Waking up as metaphor

Leaf, Autumn 2002 by Edward Dimsdale

Reflecting on this leaf from the bodhi tree–a symbol for bodhi, literally “awakening”, and Buddha, also a symbol–the awakened one…The image of waking up is one that definitely resonates for me. I like the gerund form, because it suggests an ongoing process.

And when we really think about the metaphor in depth, we’re going to sleep and waking up all the time, literally at the very least once every day, and figuratively many, many more.

There are a few elements of this metaphor I’d like to explore. In particular, I’m interested in the whole spectrum of consciousness or, at least that which lies between waking and sleeping. I practice a fair amount of lying down meditation, and it gives ample opportunity to really explore this. I’ve also found that the moment of waking up each morning is such a critical opportunity for interest and awareness–elements whose presence, or lack thereof, create the conditions for our life.

The tag line for this blog is “exploring living by dying to every moment”. Since going to sleep is also a metaphor for death, it’s not such a stretch to say that we are indeed having glimpses of death in every moment of being unaware of awareness, in every moment of being lost in our stories, in every moment we take ourselves to be the object of awareness, and most certainly when we fall asleep. So, as we slip out of waking consciousness, we also have a tremendous opportunity to be fully intimate with that experience. Thinking about waking and sleeping in these terms brings in a lot of energy and interest for me. I don’t think it’s uncommon for people, especially practitioners, to want to be conscious at their moment of death. Unfortunately, from what I’ve seen working with the dying, that is a pretty tall order. Then again, just because someone is asleep or heavily drugged, doesn’t mean consciousness is not there. The best thing we can do to ensure our conscious death, from my perspective, is to ensure our conscious life*. Thus embracing each and every one of these transitional moments as a sacred opportunity for learning.

Waking up on the wrong side of the bed is a relatively apt metaphor. What it really means is waking up with a wrong attitude. On my last long retreat, I wrote about the experience of awareness actually allowing for a complex mix of attitudes to be known within mind moments of waking.

30 Dec 2010

So much happening in the mind upon waking up this morning. It’s become habit to recognize attitude right away–fascinating how it shifts and changes, probably as dream thought content fades and new content emerges. Realize there’s a felt sense, a feeling tone and mood even before thought identified or concept given to it. Often disorientation (confusion), sometimes disappointment (aversion), also craving quite common…Certainly being vigilant has a lot of power, as the shifting, transient nature of the attitude attests when checking, checking.

Most of the time, of course, we aren’t checking at all. We wake up, we might feel like we’re dragging, not wanting this or that…but we continue making the motions and don’t take the time to really be intimate with the experience. It becomes so automatic, and then we carry all those attitudes over into our day and our relationships unconsciously, so to speak. I have the luxury now, as I did on retreat, to actually attend to this experience. This crucial entry into awakeness. It’s not that the attitude is inherently “wrong”, as in bad, must get rid of, but when it’s something that’s not seen for what it is, not known at a more conscious level, it can certainly be pernicious. Whereas welcoming it, making it transparent, can have the opposite effect. (For more on the power of attitude–and one way of thinking of right attitude is neither wanting nor resisting– and waking, see “Allowing and being it”.) And so, if we think about waking to each morning as a metaphor for our whole experience of life and ultimately for our entire spiritual practice, and actualize it throughout, we have a real opportunity for transformation.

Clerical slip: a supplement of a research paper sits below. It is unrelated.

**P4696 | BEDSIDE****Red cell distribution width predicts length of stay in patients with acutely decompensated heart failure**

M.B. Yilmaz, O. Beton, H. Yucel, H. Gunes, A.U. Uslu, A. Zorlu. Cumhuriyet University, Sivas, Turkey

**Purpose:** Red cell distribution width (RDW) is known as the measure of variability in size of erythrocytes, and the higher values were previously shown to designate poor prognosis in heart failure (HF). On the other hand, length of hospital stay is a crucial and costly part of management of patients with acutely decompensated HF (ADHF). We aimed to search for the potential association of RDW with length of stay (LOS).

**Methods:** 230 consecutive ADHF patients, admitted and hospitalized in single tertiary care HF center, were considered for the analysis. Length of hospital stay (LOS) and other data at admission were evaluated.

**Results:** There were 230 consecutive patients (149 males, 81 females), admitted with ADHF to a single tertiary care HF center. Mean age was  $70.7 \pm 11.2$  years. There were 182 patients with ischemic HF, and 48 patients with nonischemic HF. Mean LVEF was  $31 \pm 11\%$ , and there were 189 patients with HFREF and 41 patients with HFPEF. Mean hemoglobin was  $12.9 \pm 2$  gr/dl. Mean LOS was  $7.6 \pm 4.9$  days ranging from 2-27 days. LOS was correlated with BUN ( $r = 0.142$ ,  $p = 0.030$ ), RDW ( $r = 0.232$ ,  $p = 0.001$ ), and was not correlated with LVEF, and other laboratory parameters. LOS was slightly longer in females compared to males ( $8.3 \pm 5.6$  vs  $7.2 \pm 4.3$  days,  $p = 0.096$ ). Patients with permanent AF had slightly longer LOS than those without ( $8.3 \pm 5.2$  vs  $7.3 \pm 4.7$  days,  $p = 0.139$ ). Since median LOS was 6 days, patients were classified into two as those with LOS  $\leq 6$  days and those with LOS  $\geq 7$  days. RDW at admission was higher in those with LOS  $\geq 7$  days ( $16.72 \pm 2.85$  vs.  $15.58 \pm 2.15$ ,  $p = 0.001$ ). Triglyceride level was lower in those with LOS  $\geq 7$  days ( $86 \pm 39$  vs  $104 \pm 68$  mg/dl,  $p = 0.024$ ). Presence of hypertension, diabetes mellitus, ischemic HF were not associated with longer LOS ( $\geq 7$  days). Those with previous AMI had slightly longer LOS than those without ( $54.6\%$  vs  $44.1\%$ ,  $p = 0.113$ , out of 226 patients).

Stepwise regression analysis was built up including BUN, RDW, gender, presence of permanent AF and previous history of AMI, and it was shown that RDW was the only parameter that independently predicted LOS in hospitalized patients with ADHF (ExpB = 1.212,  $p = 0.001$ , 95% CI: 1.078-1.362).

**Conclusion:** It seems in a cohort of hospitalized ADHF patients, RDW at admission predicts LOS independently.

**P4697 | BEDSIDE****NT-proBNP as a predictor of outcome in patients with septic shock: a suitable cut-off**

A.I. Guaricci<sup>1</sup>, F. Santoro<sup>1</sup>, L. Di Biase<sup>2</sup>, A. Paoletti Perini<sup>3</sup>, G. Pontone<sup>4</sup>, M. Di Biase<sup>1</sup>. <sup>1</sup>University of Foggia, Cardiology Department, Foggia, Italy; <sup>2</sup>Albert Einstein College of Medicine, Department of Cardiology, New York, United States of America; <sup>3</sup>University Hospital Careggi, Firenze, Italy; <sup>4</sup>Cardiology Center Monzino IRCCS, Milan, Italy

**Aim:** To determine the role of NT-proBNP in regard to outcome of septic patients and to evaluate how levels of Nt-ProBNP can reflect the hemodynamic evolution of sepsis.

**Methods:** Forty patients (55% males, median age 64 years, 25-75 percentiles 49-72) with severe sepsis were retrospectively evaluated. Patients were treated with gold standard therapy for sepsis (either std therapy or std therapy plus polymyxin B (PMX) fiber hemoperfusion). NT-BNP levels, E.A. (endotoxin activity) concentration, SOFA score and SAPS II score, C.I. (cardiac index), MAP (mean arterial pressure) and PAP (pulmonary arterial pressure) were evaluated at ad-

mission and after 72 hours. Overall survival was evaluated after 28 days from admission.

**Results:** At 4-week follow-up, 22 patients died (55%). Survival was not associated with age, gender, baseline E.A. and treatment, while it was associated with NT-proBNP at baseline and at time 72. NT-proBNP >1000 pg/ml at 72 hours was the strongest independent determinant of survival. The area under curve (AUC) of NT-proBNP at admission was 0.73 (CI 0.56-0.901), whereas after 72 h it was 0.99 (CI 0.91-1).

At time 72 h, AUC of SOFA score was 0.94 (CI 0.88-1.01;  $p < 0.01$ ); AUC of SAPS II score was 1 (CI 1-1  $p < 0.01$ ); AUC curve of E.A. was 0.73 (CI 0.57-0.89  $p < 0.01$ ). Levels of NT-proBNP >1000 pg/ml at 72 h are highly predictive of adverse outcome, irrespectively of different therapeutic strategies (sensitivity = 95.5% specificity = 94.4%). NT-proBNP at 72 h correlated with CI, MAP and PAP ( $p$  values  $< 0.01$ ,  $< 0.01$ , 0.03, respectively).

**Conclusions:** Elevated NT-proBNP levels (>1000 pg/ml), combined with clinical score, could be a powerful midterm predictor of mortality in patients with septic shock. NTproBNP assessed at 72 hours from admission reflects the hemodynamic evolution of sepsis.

I’m interested in how sound consciousness plays such an important role in this metaphor, particularly of waking up, as well. Meditation periods often start and end with a bell. We wake to the sound of a gong or to an alarm clock. As awareness strengthens, there’s an ability to watch the sequence to some degree–where hearing comes in, where waking comes in. In another conversation with a fellow yogi, we discussed knowing the moment of falling asleep and the moment of waking up. He said that if he fell asleep knowing the very moment of that shift in consciousness, then, the following morning he would also wake up knowing. I didn’t ask what he thought about continuity of awareness through the sleeping state. I wonder. Sayadaw has said, and I’ve certainly directly experienced this understanding at times on retreat, that consciousness actually arises before the gong or alarm clock sounds. At times of quiet and really sharp awareness, I would find that with each timed sitting, the awareness of the period’s end would arise just before the sound of the bell–no sooner, no later. It’s fascinating. It brings to light how much is being registered, all the imprint of the mind in these different states of awareness.

This also ties into the idea of a conscious process. For matters of convenience, we say that when we are asleep, or anesthetized, etc., we are “unconscious”, but of course, experience is still happening and therefore making contact with the sense doors. So what makes consciousness conscious? Making a sort of effortless effort to be there as we enter into sleep and as we come out, we can see the subtleties of these various levels of wakefulness. There are times when I really drop into my body, and get very concentrated on sound or sensation, and sometimes there’s a sort of twilight consciousness that comes with that peaceful state, a feeling of “melting into the floor/bed”. I wouldn’t say I’m sleeping but I also wouldn’t say I’m awake. That’s not the ideal state, clearly, because there’s a dull awareness there and probably no real potential for insight, but it’s interesting nonetheless. Perhaps it’s a form of numbing. Jason Siff claims that this kind of sleepiness could actually be considered pre-Jhanic samadhi. Hmm…